Thursday, July 16, 2009

The end of the school visit? Hardly.

Today there has been a lot of discussion in the papers about authors declaring that they will boycott school visits if new regulations are brought in. You can read it about it in The Times, The Guardian and The Independent. What the authors, who include the likes of Philip Pullman and Anthony Horowitz, say, is that the new Vetting and Barring Scheme will require them to pay £64 to register themselves on a database and undergo a check that they are not a danger to children, should they want to do any school visit. This is, apparently, demeaning, and why should authors have to prove that they are not paedophiles?

There's a lot of hyperbolic outrage here. One is tempted to suggest that some people should get over themselves. What, after all, is more important - protecting an author from being affronted that somebody might want to check that they are not a danger to children before allowing them to work closely with them, or protecting children from people who might be a threat? Pullman mentions authors who depend on the income from school visits, who would now lose that money - but if the income is that important, I'd expect them to stump up the £64. Anthony Browne's views seem rather less hysterical.

However, there are implications here, not just for writers, but for people like me. Last October I gave a talk to my niece's primary school about Romans. In November I gave a talk in a school in Oxford. I was scheduled to do another schools conference in May (though that fell through), and have an invitation to go to another school sometime in the autumn. At no point did anyone mention that I might need a Criminal Records Bureau check before doing that. Today's stories would suggest that this is no longer the case, which has implications not just for me, but for any university doing Outreach activities in schools.

The thing is, the story's broadly not true. Because I'm the sort of person who likes to back his opinions up with evidence, I went on to the website of the Independent Safeguard Authority. Several pages have interesting things to say. This page, for instance, says "In England and Wales, the requirement to refer and criteria for referrals remain the same from 20 January 2009. From 13 March 2009, the requirement to refer and the criteria for referral are unchanged in Northern Ireland." To me, that implies that no-one who didn't need registering before will need registering now. This page talks about what constitutes regulated or controlled activity, and talks a lot about frequent or intensive activity. I wouldn't immediately interpret that as applying to a single visit into a school supervised by a teacher.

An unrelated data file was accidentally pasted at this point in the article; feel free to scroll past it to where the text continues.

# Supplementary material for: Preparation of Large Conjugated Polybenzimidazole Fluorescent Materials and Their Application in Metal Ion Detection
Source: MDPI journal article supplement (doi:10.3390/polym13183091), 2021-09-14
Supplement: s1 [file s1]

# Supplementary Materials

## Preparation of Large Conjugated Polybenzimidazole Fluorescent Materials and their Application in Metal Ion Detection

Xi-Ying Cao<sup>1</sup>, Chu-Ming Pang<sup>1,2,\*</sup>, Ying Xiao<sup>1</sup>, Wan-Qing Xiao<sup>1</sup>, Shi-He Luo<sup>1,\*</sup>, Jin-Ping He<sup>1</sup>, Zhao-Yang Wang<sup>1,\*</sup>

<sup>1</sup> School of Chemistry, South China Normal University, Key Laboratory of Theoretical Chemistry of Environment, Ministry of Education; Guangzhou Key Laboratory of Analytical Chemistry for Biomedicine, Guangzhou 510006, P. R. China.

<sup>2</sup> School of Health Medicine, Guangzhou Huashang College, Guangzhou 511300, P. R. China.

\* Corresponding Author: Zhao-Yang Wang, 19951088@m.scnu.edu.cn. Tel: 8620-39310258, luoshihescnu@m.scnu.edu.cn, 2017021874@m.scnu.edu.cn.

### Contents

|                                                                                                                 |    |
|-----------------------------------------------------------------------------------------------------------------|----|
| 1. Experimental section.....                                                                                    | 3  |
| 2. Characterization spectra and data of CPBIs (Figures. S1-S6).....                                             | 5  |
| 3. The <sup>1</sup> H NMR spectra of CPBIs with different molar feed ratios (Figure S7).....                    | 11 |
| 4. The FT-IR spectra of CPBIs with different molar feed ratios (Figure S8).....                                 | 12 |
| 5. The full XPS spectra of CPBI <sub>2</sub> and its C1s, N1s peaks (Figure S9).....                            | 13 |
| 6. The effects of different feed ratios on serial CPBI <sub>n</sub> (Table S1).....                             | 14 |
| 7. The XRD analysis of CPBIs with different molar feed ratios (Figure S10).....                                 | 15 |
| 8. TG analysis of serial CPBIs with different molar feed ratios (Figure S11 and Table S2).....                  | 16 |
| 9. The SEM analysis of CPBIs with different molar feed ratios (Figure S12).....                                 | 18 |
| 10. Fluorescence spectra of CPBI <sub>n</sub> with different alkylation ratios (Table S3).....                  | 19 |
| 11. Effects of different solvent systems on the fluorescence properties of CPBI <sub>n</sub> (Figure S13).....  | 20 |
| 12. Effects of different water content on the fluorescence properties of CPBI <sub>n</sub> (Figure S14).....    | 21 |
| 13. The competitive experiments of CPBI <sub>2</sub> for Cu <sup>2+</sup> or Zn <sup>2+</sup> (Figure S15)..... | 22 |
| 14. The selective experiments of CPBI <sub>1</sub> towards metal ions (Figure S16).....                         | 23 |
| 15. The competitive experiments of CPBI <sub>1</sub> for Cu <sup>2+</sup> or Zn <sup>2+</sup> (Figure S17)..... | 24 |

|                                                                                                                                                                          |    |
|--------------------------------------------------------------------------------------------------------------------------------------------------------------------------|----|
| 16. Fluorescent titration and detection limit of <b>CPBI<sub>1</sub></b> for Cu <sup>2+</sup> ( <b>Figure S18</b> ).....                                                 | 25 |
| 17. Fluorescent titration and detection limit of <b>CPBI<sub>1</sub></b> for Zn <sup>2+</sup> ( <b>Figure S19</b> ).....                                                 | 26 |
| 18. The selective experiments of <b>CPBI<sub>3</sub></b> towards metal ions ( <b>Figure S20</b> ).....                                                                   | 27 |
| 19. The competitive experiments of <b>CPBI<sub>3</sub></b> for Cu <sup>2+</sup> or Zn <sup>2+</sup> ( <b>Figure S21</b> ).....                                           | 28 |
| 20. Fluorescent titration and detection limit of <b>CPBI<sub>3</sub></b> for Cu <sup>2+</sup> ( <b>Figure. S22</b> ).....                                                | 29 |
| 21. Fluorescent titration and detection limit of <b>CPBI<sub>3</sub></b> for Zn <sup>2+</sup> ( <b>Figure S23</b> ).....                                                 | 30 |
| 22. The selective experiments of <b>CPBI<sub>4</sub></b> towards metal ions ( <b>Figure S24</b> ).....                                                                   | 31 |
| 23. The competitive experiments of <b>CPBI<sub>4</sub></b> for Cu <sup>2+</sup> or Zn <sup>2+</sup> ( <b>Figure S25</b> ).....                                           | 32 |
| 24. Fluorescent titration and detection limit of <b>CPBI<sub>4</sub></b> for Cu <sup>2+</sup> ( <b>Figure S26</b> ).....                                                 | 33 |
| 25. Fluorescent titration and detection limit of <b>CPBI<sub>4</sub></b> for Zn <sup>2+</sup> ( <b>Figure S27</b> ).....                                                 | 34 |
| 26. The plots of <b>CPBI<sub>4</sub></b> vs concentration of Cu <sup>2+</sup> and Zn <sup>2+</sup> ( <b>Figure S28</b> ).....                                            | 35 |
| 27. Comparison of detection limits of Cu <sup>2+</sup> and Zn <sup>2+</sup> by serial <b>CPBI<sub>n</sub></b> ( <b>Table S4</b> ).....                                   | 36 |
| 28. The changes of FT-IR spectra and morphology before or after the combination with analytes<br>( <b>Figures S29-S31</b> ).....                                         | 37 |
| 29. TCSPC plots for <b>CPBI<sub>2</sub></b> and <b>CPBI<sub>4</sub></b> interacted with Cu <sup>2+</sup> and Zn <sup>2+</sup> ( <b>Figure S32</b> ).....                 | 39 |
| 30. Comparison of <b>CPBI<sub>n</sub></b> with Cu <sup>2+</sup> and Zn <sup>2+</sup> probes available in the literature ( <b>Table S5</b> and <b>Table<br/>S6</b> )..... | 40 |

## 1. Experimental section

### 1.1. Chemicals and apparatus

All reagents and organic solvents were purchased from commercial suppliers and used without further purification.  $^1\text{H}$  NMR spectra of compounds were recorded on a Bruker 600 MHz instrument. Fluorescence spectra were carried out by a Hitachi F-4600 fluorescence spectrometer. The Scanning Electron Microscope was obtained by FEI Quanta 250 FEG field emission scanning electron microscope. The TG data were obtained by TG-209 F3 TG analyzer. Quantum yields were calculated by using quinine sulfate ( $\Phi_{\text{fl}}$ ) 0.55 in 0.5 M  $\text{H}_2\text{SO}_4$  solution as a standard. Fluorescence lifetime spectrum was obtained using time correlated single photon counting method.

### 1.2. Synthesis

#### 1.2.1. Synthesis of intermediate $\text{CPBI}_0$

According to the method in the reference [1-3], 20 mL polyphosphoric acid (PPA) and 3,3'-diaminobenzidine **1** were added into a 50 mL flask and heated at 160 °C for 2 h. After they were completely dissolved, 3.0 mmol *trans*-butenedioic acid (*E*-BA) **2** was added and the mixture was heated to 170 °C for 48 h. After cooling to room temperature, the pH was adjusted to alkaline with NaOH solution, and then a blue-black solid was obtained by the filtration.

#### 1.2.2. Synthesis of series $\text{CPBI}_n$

Finally, the BBC story carries an official refutation of the authors' position. It's a bit buried, and the story gives more weight to the authors' point of view. But the Department of Children, Schools and Families say that the regulations have been misinterpreted. They only apply to someone who goes into schools more than once a month (the official definition of 'frequent'). Moreover, they say, "visitors to schools, even if they are supervised by a teacher at all times, are being placed in a unique position of trust where they can easily become deeply liked and trusted by pupils. We therefore need to be sure that this trust is well placed in case pupils bump into them out of school where a teacher is not present." From which I infer that the intention of the regulations is that only people who go more than once a month into the same school need register. That, to me, would eliminate most authors from needing to register, and it certainly means I don't need to worry. Some Outreach programmes may have to be careful, but even then, it is also the case that if someone isn't being paid for the visit, then, whilst they need to be registered, they don't have to pay for it.

So in the end, this story appears to be a bunch of authors getting the wrong end of the stick and then getting rather overly upset about it, exacerbated by journalism that could have been rather more through. None of the newspaper sites mention what is on the ISA's website. Instead, they chose to print what the authors said without question. Because that makes a better story ...

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